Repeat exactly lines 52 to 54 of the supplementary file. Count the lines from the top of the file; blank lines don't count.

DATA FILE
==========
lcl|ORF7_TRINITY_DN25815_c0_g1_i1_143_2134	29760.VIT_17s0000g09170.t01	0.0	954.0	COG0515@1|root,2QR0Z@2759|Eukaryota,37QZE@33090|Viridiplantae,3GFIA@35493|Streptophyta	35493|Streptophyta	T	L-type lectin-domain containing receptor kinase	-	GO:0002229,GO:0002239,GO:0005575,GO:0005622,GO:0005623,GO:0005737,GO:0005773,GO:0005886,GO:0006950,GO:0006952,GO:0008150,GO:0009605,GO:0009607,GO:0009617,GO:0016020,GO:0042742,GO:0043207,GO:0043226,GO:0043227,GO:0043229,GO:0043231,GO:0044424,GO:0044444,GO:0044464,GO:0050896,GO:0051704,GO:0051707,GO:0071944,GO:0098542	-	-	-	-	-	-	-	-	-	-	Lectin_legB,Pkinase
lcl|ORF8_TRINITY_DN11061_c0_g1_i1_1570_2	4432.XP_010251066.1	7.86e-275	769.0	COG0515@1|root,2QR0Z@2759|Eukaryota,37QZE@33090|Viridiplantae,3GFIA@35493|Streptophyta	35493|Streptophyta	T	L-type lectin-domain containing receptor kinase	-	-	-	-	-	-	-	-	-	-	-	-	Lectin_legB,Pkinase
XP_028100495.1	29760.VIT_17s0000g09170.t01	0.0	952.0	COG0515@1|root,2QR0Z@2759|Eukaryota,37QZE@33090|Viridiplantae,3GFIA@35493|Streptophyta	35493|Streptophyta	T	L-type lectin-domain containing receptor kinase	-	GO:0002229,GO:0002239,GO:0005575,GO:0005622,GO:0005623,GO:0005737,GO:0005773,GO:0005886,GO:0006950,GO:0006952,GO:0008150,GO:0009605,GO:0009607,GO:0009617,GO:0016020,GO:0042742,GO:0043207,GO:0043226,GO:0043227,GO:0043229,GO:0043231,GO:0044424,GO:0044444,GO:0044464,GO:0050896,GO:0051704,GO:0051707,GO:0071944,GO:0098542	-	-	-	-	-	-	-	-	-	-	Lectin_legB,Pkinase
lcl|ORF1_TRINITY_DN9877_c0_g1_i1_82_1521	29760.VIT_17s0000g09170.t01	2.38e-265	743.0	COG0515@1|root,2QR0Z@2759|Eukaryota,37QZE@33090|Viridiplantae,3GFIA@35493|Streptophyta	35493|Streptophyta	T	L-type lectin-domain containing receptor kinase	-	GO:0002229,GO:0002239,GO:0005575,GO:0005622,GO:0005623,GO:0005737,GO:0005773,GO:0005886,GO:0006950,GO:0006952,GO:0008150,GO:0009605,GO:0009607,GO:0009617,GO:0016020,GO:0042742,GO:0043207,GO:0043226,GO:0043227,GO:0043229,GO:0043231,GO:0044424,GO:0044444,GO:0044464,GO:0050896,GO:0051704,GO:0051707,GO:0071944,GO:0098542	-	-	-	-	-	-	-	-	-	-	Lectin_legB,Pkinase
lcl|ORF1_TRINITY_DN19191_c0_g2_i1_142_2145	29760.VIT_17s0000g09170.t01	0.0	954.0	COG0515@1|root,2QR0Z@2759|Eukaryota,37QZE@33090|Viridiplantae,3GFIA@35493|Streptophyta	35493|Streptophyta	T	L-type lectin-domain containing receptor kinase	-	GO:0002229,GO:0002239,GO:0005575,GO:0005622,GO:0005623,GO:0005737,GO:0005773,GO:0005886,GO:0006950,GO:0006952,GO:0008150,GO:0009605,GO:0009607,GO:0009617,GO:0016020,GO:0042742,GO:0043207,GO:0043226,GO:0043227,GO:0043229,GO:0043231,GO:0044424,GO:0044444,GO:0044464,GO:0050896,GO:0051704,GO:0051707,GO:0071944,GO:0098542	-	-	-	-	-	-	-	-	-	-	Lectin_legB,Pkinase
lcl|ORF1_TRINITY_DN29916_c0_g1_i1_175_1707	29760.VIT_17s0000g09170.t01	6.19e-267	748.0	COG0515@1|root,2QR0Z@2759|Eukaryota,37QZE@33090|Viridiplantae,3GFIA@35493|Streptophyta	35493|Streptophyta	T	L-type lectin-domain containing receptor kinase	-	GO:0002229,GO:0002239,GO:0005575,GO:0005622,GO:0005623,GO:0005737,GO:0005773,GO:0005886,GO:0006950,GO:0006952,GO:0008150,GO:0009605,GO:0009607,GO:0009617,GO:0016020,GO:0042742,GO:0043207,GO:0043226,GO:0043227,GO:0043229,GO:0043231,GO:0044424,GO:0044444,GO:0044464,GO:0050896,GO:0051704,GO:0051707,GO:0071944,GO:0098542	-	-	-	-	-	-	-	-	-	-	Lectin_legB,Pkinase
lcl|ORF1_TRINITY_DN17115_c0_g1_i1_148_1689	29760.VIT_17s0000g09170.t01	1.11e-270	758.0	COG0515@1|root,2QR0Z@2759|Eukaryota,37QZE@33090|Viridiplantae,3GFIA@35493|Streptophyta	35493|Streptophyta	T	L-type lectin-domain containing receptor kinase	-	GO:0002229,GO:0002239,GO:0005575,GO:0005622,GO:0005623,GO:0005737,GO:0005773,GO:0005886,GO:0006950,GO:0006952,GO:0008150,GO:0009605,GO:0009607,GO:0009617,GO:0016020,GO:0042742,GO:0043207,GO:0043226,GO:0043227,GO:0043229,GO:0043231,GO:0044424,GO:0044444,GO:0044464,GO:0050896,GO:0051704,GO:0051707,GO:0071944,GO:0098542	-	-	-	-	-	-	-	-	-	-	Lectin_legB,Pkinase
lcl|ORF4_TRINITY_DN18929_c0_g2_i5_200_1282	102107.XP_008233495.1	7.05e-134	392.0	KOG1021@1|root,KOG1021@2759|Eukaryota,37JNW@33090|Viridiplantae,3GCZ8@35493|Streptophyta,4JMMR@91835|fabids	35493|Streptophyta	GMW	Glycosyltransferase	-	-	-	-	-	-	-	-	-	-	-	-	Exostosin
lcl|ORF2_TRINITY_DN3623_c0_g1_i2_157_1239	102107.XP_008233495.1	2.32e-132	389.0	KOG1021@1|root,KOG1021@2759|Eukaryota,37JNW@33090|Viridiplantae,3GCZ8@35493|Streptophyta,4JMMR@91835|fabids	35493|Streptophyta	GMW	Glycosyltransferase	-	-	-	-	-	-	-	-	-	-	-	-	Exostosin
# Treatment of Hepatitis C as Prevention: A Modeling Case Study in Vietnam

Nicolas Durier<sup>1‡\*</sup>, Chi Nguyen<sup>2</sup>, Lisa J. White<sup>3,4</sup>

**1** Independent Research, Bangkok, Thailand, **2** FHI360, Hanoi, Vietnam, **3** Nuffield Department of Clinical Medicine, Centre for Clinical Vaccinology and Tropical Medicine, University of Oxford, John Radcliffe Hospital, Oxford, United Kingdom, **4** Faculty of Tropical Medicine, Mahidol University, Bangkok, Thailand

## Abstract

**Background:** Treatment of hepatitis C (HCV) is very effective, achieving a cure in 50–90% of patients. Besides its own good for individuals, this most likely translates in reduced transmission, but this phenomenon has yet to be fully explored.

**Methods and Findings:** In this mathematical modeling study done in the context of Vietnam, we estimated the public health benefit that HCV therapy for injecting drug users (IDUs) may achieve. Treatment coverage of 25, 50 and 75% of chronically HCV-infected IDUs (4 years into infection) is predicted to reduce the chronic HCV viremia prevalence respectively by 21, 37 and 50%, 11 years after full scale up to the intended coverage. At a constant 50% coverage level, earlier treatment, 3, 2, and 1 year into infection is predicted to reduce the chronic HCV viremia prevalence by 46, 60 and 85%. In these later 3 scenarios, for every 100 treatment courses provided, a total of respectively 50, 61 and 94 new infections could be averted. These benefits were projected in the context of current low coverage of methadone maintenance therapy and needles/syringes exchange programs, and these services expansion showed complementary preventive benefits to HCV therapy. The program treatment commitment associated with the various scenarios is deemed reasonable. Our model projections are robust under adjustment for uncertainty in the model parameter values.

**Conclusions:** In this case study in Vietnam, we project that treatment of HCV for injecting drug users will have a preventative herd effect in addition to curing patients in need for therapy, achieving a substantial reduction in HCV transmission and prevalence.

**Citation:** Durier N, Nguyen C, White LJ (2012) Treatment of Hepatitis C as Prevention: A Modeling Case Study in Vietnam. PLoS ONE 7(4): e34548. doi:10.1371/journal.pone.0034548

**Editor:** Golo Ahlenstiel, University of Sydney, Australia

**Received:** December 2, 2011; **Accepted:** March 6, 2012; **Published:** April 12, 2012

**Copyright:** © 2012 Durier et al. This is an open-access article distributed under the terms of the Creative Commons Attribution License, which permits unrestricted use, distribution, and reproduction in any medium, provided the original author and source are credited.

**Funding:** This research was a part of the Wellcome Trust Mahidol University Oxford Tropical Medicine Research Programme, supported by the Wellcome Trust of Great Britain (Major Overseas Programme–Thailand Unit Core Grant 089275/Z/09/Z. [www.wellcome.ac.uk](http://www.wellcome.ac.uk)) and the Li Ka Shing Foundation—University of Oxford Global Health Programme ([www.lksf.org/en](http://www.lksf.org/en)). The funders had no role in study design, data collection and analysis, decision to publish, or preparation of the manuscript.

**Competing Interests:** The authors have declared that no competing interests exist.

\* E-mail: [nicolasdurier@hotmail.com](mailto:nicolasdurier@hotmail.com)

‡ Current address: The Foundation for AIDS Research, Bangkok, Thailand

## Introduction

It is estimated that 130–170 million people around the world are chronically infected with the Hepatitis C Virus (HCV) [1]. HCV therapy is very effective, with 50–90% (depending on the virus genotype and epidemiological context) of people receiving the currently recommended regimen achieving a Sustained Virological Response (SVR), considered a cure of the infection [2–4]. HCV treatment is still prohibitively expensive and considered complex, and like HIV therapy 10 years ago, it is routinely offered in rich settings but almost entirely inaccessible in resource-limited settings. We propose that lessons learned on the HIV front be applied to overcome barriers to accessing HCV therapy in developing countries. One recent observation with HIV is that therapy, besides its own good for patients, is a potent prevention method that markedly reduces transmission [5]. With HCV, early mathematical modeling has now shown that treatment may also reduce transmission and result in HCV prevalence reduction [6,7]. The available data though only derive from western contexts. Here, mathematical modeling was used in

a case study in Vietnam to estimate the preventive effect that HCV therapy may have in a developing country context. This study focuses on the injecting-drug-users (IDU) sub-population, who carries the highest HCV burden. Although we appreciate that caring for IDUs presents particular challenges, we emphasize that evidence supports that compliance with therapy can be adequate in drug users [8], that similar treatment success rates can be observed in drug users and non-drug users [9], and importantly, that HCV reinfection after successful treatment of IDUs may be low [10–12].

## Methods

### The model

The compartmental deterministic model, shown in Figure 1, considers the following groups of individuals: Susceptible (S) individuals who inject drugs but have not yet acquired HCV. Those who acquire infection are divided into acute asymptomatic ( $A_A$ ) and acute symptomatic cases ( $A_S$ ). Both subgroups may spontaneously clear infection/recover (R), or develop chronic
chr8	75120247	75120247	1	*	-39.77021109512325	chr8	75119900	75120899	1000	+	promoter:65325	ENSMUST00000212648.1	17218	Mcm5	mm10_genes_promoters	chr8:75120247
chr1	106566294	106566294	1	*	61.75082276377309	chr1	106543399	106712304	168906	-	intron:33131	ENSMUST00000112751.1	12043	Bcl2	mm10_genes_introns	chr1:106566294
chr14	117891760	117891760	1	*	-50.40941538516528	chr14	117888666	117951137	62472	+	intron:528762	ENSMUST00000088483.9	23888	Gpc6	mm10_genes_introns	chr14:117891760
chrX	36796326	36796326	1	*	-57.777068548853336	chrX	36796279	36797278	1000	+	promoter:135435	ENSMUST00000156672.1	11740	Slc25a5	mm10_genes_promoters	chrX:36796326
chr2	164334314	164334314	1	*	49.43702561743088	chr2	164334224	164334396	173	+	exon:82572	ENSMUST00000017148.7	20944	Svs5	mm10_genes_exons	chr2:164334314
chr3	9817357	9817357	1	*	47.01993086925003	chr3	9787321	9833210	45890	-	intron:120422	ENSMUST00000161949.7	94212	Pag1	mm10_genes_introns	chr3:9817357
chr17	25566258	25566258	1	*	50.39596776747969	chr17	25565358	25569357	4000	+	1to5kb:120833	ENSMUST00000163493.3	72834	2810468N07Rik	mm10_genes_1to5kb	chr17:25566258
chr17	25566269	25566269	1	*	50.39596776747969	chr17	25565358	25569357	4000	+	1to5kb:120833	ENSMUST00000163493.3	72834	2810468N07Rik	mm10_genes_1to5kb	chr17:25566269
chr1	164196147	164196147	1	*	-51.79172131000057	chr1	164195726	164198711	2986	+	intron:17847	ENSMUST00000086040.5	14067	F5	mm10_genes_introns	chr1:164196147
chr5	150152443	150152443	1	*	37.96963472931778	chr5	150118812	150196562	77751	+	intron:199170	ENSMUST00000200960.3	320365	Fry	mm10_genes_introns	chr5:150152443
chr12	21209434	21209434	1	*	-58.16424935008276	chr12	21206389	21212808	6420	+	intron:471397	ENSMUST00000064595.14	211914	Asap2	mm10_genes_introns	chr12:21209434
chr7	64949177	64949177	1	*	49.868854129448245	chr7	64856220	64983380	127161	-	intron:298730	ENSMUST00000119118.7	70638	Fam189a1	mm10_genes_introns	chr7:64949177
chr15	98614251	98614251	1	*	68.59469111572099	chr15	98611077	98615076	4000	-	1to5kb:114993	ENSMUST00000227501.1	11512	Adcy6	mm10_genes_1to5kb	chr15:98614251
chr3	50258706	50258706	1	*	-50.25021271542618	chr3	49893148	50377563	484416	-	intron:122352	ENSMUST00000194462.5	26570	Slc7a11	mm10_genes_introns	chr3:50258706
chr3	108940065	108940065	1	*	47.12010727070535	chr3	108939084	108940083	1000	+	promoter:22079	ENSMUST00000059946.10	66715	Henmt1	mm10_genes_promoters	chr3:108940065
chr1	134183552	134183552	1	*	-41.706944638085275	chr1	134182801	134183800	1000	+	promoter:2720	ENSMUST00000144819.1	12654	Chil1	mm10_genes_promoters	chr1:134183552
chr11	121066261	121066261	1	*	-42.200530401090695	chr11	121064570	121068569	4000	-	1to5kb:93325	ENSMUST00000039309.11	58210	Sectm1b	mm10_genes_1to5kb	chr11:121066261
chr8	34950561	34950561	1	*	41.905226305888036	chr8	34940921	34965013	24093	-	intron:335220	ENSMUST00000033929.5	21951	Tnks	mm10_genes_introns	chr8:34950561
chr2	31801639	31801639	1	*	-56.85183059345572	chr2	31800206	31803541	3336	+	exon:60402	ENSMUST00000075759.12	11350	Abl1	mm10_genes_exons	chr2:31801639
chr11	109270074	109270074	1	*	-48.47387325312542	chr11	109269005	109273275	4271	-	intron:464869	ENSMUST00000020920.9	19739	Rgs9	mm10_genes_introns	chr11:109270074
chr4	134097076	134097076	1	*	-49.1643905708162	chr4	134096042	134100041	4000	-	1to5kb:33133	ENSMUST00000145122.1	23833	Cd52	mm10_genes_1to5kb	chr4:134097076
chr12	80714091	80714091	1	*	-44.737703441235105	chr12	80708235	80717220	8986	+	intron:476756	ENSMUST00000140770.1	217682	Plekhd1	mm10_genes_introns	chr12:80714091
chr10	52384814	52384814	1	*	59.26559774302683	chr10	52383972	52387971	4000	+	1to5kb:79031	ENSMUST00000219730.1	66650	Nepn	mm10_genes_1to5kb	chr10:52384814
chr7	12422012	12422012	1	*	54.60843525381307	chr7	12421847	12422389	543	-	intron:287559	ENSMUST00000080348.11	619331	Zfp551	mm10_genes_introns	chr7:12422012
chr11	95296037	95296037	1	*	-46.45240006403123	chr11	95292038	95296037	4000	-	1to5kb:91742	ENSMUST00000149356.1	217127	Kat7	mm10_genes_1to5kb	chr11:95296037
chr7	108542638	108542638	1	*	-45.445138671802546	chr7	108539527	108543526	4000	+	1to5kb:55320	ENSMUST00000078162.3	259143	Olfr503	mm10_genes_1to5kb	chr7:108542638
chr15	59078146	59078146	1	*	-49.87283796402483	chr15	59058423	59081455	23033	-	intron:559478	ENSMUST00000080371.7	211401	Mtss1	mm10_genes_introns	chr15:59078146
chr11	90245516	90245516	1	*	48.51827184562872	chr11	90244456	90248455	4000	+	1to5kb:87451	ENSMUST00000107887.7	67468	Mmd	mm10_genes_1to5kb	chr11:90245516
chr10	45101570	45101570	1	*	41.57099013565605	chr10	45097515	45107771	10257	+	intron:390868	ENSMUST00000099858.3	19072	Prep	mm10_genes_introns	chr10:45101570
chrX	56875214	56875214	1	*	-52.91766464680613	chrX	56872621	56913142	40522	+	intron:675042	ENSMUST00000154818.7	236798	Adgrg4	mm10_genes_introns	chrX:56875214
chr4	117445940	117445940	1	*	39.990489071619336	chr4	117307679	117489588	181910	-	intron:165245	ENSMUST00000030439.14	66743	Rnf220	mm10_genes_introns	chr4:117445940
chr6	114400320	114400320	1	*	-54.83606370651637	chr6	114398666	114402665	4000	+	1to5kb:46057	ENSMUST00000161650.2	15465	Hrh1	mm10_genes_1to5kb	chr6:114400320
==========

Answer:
chr12	80714091	80714091	1	*	-44.737703441235105	chr12	80708235	80717220	8986	+	intron:476756	ENSMUST00000140770.1	217682	Plekhd1	mm10_genes_introns	chr12:80714091
chr10	52384814	52384814	1	*	59.26559774302683	chr10	52383972	52387971	4000	+	1to5kb:79031	ENSMUST00000219730.1	66650	Nepn	mm10_genes_1to5kb	chr10:52384814
chr7	12422012	12422012	1	*	54.60843525381307	chr7	12421847	12422389	543	-	intron:287559	ENSMUST00000080348.11	619331	Zfp551	mm10_genes_introns	chr7:12422012